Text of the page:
*Walford, Edwan, comp. Ephemerides; or, the dayes of the yeare 1883: an anntiente annuale, containing many curious matters and a kalandar for 1883. N. Y., Scribner & Welford, 1883. O. pap., 40 c.

*Walker, Calvin B. Digest of the laws of the United States governing the granting of Army and Navy pensions and bounty-land warrants; decisions of the Secretary of the Interior, and rulings and orders of the Commissioner of Pensions thereunder; compiled by order of the Commissioner of Pensions, under the authority of the Secretary of the Interior. Wash., Government Printing Office, 1882. 314 p. 8°. pap.

*Wedgwood, Hensleigh. Contested etymologies in the dictionary of the Rev. W. W. Skeat. Bost., James R. Osgood & Co., 1883. 193 p. 12°. cl., $2.

*Weems, H: Life of Marion. N. Y., J. W. Lovell Co., 1883. 16°. cl., 50 c.

Wendling, G: R. Ingersollism; from a secular point of view: a lecture. Chic., Jansen, McClurg & Co., 1883. 130 p. O. cl., $1. A calm and reasonable argument against the acceptation of Mr. Robert Ingersoll's peculiar views about religion; from the Christian standpoint, and in no way personal; this lecture was delivered more than 600 times in all parts of the U. S. and Canada.

*Wheeler, J. B. A text-book of military engineering. Pts. 2 and 3, comprising siege operations and military mining, with an appendix giving the principles of fortification drawings. N.Y., J: Wiley & Sons, 1883. 172 p. O. cl., $2.

Whitcher, Mrs. Frances M. ["Widow Bedott."

The Widow Bedott papers; with an introduction by Alice B. Neal. New ed. N. Y., A. C. Armstrong & Son, 1883. 2+403 p. il. D. cl., reduced to $1.25.

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Williams, W. Mattieu. Science in short chapters. N. Y., Funk & Wagnalls, [1883]. 308 p. D. (Standard lib., no. 81.) pap., 25 c. A popular presentation of every-day scientific facts, such as the origin of soap, concert-room acoustics, the consumption of smoke, the social benefits of paraffine, the formation of coal, the barometer and the weather, etc, for busy people. The author was born in Flintshire, Wales, and first came into public notice as the author of a book entitled "Through Norway with a knapsack;" he is the author of other books, "The fuel of the sun,' "A treatise on heat,' etc., but this, his last, is the most useful and popular.



THOS. Y. CROWELL & Co., N. Y. Chamberlain, Chosen vessels......


Mich. Höflich, Deutsche u. Englische Stammbuchverse, 2d ed.....

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GINN, HEATH & Co., Boston.
3.50 Yale examination papers....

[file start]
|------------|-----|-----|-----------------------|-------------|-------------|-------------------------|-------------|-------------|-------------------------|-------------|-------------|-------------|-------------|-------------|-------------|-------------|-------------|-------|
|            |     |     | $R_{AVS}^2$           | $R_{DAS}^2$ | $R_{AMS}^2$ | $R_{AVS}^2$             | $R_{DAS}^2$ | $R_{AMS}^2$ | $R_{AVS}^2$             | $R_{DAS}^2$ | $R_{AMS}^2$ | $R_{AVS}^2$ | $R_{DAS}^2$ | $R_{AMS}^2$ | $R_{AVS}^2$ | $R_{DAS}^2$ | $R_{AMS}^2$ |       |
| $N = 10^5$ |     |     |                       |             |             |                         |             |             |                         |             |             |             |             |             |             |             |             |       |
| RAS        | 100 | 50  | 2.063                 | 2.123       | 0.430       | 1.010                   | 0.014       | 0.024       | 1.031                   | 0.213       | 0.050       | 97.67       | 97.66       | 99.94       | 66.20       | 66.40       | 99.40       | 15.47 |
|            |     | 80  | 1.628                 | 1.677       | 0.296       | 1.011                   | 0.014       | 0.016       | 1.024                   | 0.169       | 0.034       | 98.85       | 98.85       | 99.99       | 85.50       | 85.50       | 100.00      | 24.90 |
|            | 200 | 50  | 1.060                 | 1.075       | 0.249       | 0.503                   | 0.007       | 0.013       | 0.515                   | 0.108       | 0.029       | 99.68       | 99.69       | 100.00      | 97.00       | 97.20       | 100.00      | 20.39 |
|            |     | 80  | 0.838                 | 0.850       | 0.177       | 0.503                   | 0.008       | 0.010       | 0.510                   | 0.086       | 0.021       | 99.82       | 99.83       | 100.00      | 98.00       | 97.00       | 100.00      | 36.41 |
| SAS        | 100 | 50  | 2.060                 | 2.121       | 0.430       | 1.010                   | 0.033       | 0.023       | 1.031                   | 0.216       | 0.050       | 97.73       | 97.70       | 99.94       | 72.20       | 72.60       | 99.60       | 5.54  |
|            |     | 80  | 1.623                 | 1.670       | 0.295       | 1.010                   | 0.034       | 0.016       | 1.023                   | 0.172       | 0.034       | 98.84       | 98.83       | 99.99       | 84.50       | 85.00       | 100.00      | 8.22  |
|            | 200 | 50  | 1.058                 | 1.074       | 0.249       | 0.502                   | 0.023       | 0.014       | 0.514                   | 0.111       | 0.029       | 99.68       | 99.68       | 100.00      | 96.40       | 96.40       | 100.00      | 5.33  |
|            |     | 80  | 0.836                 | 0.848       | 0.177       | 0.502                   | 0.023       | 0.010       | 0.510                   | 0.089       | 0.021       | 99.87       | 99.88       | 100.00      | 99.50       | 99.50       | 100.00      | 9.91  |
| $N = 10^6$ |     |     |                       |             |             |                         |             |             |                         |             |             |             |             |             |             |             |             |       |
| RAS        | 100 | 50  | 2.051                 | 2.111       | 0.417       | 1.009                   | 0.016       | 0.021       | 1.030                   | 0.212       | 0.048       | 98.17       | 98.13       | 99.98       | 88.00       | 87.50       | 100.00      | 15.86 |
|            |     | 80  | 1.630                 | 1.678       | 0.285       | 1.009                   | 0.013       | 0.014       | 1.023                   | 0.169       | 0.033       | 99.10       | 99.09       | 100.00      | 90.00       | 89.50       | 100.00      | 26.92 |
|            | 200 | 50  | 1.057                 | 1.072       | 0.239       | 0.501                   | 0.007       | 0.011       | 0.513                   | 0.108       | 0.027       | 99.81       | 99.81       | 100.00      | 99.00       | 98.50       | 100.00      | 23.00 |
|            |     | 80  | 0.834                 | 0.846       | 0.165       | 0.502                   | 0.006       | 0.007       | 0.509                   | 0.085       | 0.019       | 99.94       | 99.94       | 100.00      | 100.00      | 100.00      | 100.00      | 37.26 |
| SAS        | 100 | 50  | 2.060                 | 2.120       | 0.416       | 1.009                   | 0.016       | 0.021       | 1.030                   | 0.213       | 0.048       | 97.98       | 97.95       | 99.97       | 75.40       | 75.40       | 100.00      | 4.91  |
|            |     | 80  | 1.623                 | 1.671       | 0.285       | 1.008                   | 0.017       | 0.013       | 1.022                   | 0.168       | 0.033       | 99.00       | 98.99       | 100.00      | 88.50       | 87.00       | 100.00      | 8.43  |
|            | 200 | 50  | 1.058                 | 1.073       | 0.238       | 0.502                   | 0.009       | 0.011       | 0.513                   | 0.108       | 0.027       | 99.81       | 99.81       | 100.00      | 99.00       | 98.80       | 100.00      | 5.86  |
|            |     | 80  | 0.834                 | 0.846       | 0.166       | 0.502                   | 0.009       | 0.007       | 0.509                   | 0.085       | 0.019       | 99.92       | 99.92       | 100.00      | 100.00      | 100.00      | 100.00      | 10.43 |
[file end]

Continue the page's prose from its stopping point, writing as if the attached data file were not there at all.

Ebers, A word, only a word....... .75 C.;
W. R. GOULD, N. Y.
Gould's lawyers' diary for 1883..

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HARPER & BROS., N. Y. Haydn, Dictionary of dates, 17th ed...... Oliphant, It was a lover and his lass (H. F. S. L., 294)... Shakespeare, Pericles.

The two noble kinsmen..

25 Shaw, Local government.

.56 c. 56

HENRY HOLT & Co., N. Y. Gosse, On viol and flute.... Racine, Esther......








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Adams, Saxon tithing-men...

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Zola, La belle Lisa..


Bürstenbinder, Herman (S. L., 1515).
No surrender (S. L, 1525)..
Gibbon, What will the world say? (S. L.,




Hope, The Brandreths (S. L., 1530)..
Strictly tied up (S. L., 1521).
Jay, My Connaught cousins (S. L., 1532).
Jung, Bonaparte and his times (S. L.,

Maguire, The Black hills (S. L., 1528).
Malet, Mrs. Lorimer (S. L., 1531)..
Polko, Getrennt (D. L., 130)..
Stretton, Margaret and her bridesmaids
(S. L., 1315)....

Verne, Robinson's school (S. L., 1519).......
JAS. R. OSGOOD & Co., Boston.
Wedgwood, Contested etymologies...... 2.00

T. B. PETERSON & BROS., Phila.
Sand, Countess of Rudolstadt, new issue.
$1; $1.50;

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G. D. RUSSELL, Boston.
1.00 Hakes, Pearly portals.....

J. SABIN'S SONS, N. Y. 1.00 Sabin, Dictionary of books relating to America, pts. 81-82, subs....


ΙΟ 20

SCRIBNER & Welford, N. Y.
Buxton, English painters....
Defoe, Robinson Crusoe..
Walford, Ephemerides..



20 Haygood, Sermons and speeches.....
S. W. STRAUB, Chicago.
Towne and Stillman, Good-will....
U. S. Law Assoc., Commercial traveller's





Quincy, Figures of the past..
THE "ROUGH NOTES" Co., Indianapolis, Ind.
Wackerle case.........................






Campbell, Geology and mineral resources
of the James River valley..
Whitredge, Caucus system..
Williams, Negro race in America, v. 2.... 3.50
A. D. F. RANDOLPH & Co., N. Y.
Havergal, Ben Brightboots...



NEW YORK CITY.-At the meeting of the creditors of James Miller, held at Clinton Hall, February 15, Mr. R. Worthington in the chair (Mr. L. H. Crowell acting as secretary), Mr. Thos. R. Knox, the assignee, made a verbal statement to the effect that the liabilities were $28,000 and the assets $16,000 after deducting preferred claims. The court having appointed Mr. J. Ames receiver, Mr. Knox has no further authority in the matter. A committee consisting of Messrs. Thos. R. Knox, J. J. Little, Geo. W. Alexander, O'Neil, H. L. Booraem, B. W. Hitchcock and R. Worthington, was appointed to confer with the receiver, and investigate and report at a future meeting.

NEW YORK CITY.-The partnership between White & Stokes was dissolved on the 31st of January; on the same day a new partnership was formed by J. P. White, F. A. Stokes, and Frank Allen, who will carry on a general publishing, bookselling and stationary business at 1152 Broadway, under the firm-name of White, Stokes & Allen.


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WEST PUBLISHING CO., St. Paul, Minn. 75 Northwestern reporter, v. 13


Wheeler, Military engineering, pts. 2, 3.. 2.00
J. WILSON & SON, Newark, N. Y.
Wilson, Practical life...

75 Tilton, Tempest-tossed, new rev. ed................. 1.50